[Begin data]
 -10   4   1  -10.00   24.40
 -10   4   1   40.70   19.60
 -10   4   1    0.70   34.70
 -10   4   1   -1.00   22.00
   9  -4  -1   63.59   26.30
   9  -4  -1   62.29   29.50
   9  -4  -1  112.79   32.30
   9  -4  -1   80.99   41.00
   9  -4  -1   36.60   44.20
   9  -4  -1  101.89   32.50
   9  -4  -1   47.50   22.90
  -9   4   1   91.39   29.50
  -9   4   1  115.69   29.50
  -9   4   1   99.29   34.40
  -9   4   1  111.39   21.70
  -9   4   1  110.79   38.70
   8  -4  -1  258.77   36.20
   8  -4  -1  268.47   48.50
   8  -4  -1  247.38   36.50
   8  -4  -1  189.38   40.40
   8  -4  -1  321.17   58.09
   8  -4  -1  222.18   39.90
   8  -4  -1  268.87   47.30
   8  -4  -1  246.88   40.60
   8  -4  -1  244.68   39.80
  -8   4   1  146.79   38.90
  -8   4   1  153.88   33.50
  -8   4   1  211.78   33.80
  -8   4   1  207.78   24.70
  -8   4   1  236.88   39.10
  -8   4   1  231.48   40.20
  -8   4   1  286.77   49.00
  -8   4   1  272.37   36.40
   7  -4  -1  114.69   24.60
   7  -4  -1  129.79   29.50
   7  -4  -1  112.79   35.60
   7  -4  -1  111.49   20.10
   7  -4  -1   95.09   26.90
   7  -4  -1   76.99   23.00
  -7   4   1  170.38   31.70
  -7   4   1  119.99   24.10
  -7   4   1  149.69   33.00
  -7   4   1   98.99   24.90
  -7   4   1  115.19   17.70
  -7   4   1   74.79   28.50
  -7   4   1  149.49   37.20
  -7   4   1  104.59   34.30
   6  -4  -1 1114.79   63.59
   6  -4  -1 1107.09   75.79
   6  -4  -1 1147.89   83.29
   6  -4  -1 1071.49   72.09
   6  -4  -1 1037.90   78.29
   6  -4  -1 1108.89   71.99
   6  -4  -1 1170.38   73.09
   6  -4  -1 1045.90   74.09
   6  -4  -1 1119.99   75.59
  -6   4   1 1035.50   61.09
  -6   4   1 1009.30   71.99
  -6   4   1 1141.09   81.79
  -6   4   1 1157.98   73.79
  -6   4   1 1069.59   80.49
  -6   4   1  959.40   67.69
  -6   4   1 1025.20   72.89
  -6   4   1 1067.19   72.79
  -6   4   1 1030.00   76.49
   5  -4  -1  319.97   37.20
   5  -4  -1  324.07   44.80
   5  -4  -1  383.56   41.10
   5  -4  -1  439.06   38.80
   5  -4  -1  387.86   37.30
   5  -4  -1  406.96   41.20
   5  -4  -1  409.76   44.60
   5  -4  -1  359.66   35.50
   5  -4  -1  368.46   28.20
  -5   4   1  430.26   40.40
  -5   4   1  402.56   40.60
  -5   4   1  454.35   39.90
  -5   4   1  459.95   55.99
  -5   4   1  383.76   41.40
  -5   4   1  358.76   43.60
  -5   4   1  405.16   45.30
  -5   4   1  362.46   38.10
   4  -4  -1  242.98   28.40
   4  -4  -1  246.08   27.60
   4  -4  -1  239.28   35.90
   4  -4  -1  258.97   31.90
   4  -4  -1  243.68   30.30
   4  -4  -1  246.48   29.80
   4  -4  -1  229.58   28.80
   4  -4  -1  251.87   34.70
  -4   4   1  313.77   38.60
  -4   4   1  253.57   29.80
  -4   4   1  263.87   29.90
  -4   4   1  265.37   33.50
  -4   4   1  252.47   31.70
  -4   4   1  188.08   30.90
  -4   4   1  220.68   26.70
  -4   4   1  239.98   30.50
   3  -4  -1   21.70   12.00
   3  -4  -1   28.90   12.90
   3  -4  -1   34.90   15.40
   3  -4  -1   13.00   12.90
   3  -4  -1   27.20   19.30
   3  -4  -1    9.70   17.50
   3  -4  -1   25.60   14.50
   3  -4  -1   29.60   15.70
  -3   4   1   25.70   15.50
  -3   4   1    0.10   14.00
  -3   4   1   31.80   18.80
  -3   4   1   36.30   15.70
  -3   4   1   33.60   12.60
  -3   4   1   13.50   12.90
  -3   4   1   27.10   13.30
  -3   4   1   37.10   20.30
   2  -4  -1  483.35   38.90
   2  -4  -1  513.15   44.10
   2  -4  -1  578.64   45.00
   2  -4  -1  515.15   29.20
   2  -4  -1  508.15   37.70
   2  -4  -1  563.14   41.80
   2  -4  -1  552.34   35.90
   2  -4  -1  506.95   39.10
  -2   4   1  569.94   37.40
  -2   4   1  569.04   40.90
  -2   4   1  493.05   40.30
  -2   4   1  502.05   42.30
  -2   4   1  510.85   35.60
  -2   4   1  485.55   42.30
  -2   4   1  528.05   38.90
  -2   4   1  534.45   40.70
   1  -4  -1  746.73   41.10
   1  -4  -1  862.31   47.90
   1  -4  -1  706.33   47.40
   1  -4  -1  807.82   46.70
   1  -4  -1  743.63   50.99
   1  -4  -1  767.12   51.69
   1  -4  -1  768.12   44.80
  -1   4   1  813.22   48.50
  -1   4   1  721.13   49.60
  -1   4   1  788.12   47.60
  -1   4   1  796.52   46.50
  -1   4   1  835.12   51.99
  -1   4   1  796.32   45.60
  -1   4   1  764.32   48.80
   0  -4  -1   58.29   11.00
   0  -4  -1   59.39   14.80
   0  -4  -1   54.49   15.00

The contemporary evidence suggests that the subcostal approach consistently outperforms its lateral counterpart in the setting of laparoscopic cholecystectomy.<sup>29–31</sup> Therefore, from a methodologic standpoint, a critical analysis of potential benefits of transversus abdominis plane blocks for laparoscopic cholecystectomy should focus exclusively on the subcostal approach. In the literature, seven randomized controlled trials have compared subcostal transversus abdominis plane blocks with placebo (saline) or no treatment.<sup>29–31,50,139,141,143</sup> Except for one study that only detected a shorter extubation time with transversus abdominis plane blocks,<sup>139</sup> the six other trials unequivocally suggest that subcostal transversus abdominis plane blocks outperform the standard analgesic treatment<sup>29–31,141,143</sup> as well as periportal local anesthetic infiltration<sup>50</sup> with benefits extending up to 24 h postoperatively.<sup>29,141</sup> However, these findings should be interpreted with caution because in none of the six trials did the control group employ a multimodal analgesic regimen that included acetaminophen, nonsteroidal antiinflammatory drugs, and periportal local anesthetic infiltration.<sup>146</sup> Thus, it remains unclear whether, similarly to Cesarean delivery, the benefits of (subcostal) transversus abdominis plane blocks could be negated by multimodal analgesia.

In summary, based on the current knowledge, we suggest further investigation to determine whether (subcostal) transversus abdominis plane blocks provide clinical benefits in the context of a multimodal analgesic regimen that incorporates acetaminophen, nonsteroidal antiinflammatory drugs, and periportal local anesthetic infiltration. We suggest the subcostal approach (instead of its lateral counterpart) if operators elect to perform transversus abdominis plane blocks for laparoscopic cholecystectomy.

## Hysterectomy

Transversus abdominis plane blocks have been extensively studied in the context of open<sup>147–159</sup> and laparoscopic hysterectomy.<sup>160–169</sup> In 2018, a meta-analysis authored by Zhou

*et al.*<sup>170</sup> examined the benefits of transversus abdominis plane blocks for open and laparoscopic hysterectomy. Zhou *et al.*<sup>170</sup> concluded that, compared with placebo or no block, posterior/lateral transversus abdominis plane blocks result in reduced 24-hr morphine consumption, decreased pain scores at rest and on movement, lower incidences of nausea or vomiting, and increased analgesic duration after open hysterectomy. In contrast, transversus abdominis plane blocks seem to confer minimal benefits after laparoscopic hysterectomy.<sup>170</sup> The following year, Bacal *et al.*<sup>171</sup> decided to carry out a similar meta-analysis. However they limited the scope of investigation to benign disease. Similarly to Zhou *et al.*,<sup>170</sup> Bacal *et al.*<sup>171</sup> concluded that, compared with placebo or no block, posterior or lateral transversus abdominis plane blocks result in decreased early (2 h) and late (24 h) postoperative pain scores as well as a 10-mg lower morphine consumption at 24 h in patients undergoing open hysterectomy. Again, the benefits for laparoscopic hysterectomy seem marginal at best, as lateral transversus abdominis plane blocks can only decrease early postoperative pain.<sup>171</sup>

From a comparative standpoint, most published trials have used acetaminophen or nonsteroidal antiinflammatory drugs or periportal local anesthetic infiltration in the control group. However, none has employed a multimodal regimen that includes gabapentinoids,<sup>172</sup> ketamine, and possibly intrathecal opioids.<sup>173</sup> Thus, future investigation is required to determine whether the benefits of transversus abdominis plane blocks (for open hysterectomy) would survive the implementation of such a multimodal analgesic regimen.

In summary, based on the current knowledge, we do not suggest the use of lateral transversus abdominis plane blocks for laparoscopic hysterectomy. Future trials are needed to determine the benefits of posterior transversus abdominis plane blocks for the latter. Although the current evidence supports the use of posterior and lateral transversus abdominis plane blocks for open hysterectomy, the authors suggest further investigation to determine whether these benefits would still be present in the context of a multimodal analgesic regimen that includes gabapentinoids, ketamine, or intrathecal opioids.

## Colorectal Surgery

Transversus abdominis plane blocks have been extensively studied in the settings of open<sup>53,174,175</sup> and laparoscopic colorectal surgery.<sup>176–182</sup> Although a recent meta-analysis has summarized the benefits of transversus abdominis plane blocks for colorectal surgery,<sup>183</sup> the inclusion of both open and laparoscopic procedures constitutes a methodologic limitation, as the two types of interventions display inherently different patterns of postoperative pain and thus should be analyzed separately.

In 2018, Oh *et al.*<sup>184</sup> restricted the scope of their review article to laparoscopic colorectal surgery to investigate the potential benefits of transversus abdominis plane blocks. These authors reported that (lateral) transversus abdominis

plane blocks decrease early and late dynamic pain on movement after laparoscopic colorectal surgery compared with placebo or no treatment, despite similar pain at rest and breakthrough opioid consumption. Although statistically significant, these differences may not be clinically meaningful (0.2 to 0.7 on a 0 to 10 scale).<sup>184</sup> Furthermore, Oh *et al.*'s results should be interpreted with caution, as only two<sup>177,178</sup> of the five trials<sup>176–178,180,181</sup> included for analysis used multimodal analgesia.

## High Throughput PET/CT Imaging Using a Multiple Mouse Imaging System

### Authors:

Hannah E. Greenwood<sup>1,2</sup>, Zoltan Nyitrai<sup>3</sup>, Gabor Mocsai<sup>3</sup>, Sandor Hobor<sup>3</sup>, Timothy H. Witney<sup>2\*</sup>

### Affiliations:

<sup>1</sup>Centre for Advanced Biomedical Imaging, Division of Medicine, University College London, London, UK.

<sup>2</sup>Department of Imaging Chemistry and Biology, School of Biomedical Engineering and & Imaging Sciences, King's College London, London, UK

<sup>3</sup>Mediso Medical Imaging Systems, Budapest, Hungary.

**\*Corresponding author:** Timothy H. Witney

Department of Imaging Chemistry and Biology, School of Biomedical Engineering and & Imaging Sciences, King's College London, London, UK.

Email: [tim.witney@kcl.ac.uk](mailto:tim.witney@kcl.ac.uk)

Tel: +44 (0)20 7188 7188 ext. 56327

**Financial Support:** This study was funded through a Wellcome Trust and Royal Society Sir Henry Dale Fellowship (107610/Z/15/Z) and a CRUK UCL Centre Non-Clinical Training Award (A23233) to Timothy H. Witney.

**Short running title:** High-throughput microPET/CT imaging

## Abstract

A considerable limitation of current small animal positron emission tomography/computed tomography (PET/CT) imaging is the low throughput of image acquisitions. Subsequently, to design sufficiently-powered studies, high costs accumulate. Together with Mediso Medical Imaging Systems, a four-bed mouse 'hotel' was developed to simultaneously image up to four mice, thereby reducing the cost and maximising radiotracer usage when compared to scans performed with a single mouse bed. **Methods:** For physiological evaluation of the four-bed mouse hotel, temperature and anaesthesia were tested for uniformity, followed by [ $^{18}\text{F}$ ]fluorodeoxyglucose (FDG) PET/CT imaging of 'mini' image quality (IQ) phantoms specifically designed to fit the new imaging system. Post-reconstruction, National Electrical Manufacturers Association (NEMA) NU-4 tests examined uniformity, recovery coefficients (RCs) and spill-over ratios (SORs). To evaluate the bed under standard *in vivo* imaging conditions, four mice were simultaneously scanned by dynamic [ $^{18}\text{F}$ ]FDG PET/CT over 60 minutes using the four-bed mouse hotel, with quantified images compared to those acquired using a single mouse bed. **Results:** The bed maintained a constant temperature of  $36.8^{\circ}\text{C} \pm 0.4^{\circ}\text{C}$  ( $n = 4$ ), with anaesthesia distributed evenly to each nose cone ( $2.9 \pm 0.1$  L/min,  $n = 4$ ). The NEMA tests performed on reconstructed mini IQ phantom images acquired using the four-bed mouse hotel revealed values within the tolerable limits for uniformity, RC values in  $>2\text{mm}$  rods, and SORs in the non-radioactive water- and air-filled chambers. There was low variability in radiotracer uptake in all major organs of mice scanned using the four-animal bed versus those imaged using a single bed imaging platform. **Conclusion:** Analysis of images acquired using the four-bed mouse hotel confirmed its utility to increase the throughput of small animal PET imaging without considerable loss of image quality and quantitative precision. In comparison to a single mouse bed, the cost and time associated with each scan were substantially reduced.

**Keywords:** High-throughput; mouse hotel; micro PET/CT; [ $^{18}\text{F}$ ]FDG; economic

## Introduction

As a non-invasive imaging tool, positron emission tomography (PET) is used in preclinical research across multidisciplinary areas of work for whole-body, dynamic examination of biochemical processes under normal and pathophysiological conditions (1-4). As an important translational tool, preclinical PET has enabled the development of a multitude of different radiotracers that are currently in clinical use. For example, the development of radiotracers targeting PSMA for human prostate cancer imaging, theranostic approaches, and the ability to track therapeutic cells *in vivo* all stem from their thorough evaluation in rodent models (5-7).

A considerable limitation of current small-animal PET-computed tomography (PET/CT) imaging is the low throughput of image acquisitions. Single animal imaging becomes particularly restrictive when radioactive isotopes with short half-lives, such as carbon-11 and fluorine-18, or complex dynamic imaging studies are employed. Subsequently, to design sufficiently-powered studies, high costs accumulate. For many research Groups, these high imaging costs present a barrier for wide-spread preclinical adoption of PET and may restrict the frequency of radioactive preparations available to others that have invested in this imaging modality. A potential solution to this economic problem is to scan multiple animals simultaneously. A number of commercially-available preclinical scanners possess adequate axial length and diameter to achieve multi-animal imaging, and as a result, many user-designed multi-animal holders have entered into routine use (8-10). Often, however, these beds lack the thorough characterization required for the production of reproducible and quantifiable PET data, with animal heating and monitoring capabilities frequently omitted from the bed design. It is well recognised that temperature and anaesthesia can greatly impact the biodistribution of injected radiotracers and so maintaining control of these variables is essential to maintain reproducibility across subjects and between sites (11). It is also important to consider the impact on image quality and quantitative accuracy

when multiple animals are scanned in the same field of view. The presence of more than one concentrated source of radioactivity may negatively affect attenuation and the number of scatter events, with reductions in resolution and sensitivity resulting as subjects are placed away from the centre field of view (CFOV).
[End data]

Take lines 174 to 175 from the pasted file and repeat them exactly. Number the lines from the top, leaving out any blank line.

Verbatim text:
**Keywords:** High-throughput; mouse hotel; micro PET/CT; [ $^{18}\text{F}$ ]FDG; economic

## Introduction